No, no. He's not missing. He's in the Justice League, his own titles, guest appearances and so forth. No, I mean where is he geographically? Get out your atlases, school is now in session.

Let's start out with an easy one, multiple choice.

If you live in the Marvel Universe, you most likely reside in __________.

a. Menomonie, Wisconsin
b.Truth or Consequences, New Mexico
c. Fullerton, California
d. New York, New York


It's Time for Comic Books to Show Us What They're Made Of

The Texas jury was tired, eager to render a verdict and go home. The Prosecuting Attorney was making her passionate closing remarks.
"This medium," she intoned, "the medium that this obscenity is placed in, is done so in an appealing manner to children."
Obscenity? Appealing to children? What new horror was upon us?
"Comic books," she continued, " -- and I don't care what type of evidence or what type of testimony is out there -- use your rationality, use your common sense! Comic books, traditionally what we think of, are for kids!"
It was bloviating, and it was grandstanding. And it was working. Jesus Castillo was on trial for selling an adult comic book to an adult. But all the jury saw was drawings in boxes with word balloons, depicting things they'd never seen Captain Marvel Junior do back in the day when they plopped down a dime for their funnybook fix.


Geoff Johns, Engineer of Destruction: On Crisis, Continuity, and Consistency of Character

If you're not familiar with the impending Crisis occurring within the continuity of DC Comics... well, you probably aren't reading this article. For those of you who are, you're very likely aware of the role one of the main architects, Geoff Johns, plays in the current restructuring.

Plans for the future of DC have been kept Top Secret. And while we tried to worm as much out of Geoff as we could without resorting to violating the Geneva Convention, we were only able to glean a few nuggets of information -- not enough to inspire a Sutter's Mill rush, but enough to keep us panning away until Infinite Crisis debuts in just a few short weeks.

You've recently been appointed the official "Keeper of the Continuity" for DC. Can you elaborate on what this entails?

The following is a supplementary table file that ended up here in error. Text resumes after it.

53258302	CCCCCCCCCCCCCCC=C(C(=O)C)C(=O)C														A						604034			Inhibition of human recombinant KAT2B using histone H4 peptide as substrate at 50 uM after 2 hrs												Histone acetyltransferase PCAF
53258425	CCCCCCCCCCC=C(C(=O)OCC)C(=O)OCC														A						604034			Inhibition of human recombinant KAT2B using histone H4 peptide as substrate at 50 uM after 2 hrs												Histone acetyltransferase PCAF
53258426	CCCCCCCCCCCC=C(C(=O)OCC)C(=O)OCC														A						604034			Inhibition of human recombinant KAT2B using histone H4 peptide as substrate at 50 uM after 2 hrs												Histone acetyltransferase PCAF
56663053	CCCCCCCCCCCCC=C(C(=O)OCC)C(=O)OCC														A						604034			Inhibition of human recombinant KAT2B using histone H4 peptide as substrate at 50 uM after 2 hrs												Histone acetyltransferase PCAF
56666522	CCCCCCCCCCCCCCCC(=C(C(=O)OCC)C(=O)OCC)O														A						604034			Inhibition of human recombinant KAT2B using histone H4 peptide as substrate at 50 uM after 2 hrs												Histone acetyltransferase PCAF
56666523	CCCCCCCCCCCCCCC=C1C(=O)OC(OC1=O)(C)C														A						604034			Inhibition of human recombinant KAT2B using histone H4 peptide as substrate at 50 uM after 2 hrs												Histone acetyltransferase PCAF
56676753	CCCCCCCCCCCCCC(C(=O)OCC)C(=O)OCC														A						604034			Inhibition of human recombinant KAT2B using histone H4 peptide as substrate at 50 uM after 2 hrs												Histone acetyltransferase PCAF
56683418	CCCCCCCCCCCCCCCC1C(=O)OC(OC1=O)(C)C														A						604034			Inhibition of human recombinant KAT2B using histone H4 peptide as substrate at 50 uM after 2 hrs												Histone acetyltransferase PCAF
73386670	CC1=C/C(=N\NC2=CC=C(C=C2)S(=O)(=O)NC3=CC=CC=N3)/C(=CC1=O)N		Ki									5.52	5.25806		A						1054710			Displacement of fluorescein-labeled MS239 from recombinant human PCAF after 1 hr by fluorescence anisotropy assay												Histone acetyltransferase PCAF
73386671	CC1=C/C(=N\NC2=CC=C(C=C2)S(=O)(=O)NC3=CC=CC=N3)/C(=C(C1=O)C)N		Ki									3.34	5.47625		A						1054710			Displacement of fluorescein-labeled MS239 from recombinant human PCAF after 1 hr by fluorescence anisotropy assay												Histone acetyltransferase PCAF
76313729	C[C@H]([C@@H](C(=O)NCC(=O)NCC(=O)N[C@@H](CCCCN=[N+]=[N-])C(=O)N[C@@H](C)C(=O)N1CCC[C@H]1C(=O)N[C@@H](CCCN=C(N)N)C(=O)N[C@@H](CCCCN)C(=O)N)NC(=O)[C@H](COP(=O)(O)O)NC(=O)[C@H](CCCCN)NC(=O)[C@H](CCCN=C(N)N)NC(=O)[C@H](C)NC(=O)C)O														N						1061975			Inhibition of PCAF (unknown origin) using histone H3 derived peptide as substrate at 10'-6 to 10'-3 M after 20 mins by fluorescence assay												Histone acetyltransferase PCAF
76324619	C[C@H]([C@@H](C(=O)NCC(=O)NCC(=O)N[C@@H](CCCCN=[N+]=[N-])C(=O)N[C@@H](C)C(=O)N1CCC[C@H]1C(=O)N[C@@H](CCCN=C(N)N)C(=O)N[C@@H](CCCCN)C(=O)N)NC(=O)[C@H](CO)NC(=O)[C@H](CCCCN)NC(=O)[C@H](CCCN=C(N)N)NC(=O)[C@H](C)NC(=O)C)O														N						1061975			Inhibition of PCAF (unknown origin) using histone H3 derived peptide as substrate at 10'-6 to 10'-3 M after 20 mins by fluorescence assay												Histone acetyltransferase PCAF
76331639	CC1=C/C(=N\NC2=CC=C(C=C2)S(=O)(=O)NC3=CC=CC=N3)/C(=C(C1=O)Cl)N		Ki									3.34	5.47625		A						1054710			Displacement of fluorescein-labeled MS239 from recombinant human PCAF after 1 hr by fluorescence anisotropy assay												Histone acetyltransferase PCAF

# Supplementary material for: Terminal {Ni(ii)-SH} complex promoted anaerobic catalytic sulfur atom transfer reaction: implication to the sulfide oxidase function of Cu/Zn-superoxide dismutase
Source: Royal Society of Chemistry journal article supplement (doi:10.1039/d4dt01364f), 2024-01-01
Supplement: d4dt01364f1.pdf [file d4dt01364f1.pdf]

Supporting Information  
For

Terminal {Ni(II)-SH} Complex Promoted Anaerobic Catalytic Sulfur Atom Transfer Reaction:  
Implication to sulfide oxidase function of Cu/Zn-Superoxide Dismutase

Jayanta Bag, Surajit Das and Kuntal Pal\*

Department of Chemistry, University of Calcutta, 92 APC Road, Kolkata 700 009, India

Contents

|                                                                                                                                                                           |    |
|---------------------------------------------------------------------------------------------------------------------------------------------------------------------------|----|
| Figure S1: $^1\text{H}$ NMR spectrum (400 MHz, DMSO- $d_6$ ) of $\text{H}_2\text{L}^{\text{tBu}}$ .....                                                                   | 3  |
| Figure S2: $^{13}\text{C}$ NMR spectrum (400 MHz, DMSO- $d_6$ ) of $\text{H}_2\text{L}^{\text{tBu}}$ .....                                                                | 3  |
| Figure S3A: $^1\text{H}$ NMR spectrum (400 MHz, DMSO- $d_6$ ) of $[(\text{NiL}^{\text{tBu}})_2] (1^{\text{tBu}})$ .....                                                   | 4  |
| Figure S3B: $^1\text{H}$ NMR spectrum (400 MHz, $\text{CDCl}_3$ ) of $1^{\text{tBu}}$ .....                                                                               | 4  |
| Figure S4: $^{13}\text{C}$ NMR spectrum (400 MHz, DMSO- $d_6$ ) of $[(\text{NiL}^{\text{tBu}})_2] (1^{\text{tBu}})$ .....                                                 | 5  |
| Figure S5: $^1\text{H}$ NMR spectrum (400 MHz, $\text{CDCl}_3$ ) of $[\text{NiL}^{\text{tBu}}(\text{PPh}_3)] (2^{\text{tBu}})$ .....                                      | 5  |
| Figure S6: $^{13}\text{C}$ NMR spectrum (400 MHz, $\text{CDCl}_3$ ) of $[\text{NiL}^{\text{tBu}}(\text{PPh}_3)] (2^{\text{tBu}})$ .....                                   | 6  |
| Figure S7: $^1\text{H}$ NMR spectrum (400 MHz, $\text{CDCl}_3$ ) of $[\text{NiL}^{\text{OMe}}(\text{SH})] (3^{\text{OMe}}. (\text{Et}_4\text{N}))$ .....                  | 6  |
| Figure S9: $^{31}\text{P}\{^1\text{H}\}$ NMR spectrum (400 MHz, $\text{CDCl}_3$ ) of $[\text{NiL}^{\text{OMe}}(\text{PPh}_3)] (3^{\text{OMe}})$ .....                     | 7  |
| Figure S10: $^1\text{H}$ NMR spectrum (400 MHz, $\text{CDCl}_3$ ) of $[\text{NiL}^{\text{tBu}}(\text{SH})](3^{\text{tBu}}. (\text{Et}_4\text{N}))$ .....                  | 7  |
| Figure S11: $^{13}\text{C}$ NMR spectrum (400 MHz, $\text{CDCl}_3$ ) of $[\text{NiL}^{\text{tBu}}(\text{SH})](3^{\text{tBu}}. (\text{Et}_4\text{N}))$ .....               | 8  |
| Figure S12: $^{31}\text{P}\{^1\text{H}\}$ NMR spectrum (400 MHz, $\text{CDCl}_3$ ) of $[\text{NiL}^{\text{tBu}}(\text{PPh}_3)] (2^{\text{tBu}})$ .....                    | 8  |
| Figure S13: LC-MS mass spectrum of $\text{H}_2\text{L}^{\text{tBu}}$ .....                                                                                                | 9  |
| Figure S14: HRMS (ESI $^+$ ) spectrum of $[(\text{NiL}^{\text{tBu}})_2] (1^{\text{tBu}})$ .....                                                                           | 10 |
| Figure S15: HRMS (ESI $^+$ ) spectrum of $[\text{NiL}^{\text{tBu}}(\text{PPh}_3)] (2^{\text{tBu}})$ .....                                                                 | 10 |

I'm a Consultant Editor along with Grant Morrison and Mark Waid. It's not just about continuity -- it's about "One Year Later" and all the stuff going on during Crisis.


Geoff Johns: Man out of Time

Geoff Johns is, by many accounts, one of the more prolific writers in comics today. Following a fan-favorite run on Marvel's AVENGERS, he currently writes TEEN TITANS, JSA, FLASH and, recently, HAWKMAN. He also has another hot project up his sleeve planned for later this year. One assumes Mr. Johns must have perfected a time machine--or at least a method of making it stand still long enough for him to keep apace with his current rate of output.

We were able to coax Geoff away from his scripting for a precious few minutes to get some of his insights into the characters he's currently working with.


Stan Lee: On Green Brutes and Blonde Strippers

Stan Lee 2003 Critical Blast

Stan Lee. If you want to talk about comic book creators with your non-comic friends, his name is one of a select few you can bring up with a good chance he'll be someone they've heard of. He's not the father of the modern comic book--that title goes to men who came before him. He's more the favorite uncle, the one your mother isn't crazy about, but who never forgets to bring you a surprise whenever he comes to visit and who always has a treasure trove of amazing, incredible, and uncanny stories to tell, some of which might even be fantastic enough to be true.

We spoke with Stan "The Man" Lee a little over a week after HULK--another one of his marvelous brainchildren--debuted on the big screen, and even snuck in a question or two about PUNISHER and STRIPPERELLA.


Subscribe to RSS - Comics